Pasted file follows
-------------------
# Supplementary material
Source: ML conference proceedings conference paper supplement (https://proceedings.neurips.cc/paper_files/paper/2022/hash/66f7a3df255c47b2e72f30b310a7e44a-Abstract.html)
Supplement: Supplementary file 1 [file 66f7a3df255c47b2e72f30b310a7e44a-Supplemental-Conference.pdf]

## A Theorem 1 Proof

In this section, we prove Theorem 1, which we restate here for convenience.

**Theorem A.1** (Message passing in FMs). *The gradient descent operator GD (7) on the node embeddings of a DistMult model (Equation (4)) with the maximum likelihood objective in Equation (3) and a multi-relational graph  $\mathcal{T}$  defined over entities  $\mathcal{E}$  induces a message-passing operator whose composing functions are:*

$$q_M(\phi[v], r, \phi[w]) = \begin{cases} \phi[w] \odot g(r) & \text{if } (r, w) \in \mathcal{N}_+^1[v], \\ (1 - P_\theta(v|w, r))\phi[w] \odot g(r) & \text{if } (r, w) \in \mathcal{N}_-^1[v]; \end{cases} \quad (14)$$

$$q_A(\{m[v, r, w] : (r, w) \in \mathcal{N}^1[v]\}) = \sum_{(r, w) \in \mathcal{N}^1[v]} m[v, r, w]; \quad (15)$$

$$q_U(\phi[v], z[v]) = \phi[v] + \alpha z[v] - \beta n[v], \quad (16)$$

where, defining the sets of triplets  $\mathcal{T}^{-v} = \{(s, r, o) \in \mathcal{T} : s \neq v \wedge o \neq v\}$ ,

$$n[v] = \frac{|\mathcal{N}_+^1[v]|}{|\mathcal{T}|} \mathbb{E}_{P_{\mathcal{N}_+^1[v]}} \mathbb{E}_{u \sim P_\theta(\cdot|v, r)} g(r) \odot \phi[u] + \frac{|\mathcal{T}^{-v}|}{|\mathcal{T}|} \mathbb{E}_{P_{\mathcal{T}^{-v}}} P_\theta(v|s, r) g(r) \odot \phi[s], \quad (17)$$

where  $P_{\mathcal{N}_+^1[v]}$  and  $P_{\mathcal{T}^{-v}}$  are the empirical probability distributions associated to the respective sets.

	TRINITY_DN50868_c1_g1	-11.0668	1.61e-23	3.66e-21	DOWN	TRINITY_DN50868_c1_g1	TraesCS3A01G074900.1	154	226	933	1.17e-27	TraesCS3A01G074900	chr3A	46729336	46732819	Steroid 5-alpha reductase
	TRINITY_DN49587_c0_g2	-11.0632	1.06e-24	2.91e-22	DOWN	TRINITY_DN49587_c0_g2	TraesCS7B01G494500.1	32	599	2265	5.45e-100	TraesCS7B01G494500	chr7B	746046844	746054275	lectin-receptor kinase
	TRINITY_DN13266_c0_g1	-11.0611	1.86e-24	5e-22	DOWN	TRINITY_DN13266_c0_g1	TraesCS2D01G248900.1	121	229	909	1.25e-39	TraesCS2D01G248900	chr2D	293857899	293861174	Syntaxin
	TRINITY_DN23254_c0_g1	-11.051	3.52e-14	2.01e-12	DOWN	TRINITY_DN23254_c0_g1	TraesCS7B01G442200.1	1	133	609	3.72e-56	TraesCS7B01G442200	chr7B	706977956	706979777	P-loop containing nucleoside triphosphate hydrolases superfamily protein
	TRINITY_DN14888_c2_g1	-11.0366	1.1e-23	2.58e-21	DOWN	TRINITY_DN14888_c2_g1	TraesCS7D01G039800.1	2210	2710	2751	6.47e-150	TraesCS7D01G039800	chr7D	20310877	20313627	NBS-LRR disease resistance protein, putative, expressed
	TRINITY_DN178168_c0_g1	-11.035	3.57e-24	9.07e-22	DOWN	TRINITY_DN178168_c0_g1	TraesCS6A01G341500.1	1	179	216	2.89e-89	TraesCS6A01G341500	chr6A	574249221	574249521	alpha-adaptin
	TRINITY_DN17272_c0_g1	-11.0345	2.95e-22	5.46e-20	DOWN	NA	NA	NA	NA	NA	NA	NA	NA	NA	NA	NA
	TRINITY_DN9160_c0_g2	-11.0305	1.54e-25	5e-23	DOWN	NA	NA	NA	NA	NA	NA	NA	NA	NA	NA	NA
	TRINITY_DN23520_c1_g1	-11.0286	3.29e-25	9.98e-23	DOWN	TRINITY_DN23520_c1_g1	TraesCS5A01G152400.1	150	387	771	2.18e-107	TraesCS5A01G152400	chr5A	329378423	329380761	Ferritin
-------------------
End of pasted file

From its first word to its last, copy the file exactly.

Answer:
# Supplementary material
Source: ML conference proceedings conference paper supplement (https://proceedings.neurips.cc/paper_files/paper/2022/hash/66f7a3df255c47b2e72f30b310a7e44a-Abstract.html)
Supplement: Supplementary file 1 [file 66f7a3df255c47b2e72f30b310a7e44a-Supplemental-Conference.pdf]

## A Theorem 1 Proof

In this section, we prove Theorem 1, which we restate here for convenience.

**Theorem A.1** (Message passing in FMs). *The gradient descent operator GD (7) on the node embeddings of a DistMult model (Equation (4)) with the maximum likelihood objective in Equation (3) and a multi-relational graph  $\mathcal{T}$  defined over entities  $\mathcal{E}$  induces a message-passing operator whose composing functions are:*

$$q_M(\phi[v], r, \phi[w]) = \begin{cases} \phi[w] \odot g(r) & \text{if } (r, w) \in \mathcal{N}_+^1[v], \\ (1 - P_\theta(v|w, r))\phi[w] \odot g(r) & \text{if } (r, w) \in \mathcal{N}_-^1[v]; \end{cases} \quad (14)$$

$$q_A(\{m[v, r, w] : (r, w) \in \mathcal{N}^1[v]\}) = \sum_{(r, w) \in \mathcal{N}^1[v]} m[v, r, w]; \quad (15)$$

$$q_U(\phi[v], z[v]) = \phi[v] + \alpha z[v] - \beta n[v], \quad (16)$$

where, defining the sets of triplets  $\mathcal{T}^{-v} = \{(s, r, o) \in \mathcal{T} : s \neq v \wedge o \neq v\}$ ,

$$n[v] = \frac{|\mathcal{N}_+^1[v]|}{|\mathcal{T}|} \mathbb{E}_{P_{\mathcal{N}_+^1[v]}} \mathbb{E}_{u \sim P_\theta(\cdot|v, r)} g(r) \odot \phi[u] + \frac{|\mathcal{T}^{-v}|}{|\mathcal{T}|} \mathbb{E}_{P_{\mathcal{T}^{-v}}} P_\theta(v|s, r) g(r) \odot \phi[s], \quad (17)$$

where  $P_{\mathcal{N}_+^1[v]}$  and  $P_{\mathcal{T}^{-v}}$  are the empirical probability distributions associated to the respective sets.

	TRINITY_DN50868_c1_g1	-11.0668	1.61e-23	3.66e-21	DOWN	TRINITY_DN50868_c1_g1	TraesCS3A01G074900.1	154	226	933	1.17e-27	TraesCS3A01G074900	chr3A	46729336	46732819	Steroid 5-alpha reductase
	TRINITY_DN49587_c0_g2	-11.0632	1.06e-24	2.91e-22	DOWN	TRINITY_DN49587_c0_g2	TraesCS7B01G494500.1	32	599	2265	5.45e-100	TraesCS7B01G494500	chr7B	746046844	746054275	lectin-receptor kinase
	TRINITY_DN13266_c0_g1	-11.0611	1.86e-24	5e-22	DOWN	TRINITY_DN13266_c0_g1	TraesCS2D01G248900.1	121	229	909	1.25e-39	TraesCS2D01G248900	chr2D	293857899	293861174	Syntaxin
	TRINITY_DN23254_c0_g1	-11.051	3.52e-14	2.01e-12	DOWN	TRINITY_DN23254_c0_g1	TraesCS7B01G442200.1	1	133	609	3.72e-56	TraesCS7B01G442200	chr7B	706977956	706979777	P-loop containing nucleoside triphosphate hydrolases superfamily protein
	TRINITY_DN14888_c2_g1	-11.0366	1.1e-23	2.58e-21	DOWN	TRINITY_DN14888_c2_g1	TraesCS7D01G039800.1	2210	2710	2751	6.47e-150	TraesCS7D01G039800	chr7D	20310877	20313627	NBS-LRR disease resistance protein, putative, expressed
	TRINITY_DN178168_c0_g1	-11.035	3.57e-24	9.07e-22	DOWN	TRINITY_DN178168_c0_g1	TraesCS6A01G341500.1	1	179	216	2.89e-89	TraesCS6A01G341500	chr6A	574249221	574249521	alpha-adaptin
	TRINITY_DN17272_c0_g1	-11.0345	2.95e-22	5.46e-20	DOWN	NA	NA	NA	NA	NA	NA	NA	NA	NA	NA	NA
	TRINITY_DN9160_c0_g2	-11.0305	1.54e-25	5e-23	DOWN	NA	NA	NA	NA	NA	NA	NA	NA	NA	NA	NA
	TRINITY_DN23520_c1_g1	-11.0286	3.29e-25	9.98e-23	DOWN	TRINITY_DN23520_c1_g1	TraesCS5A01G152400.1	150	387	771	2.18e-107	TraesCS5A01G152400	chr5A	329378423	329380761	Ferritin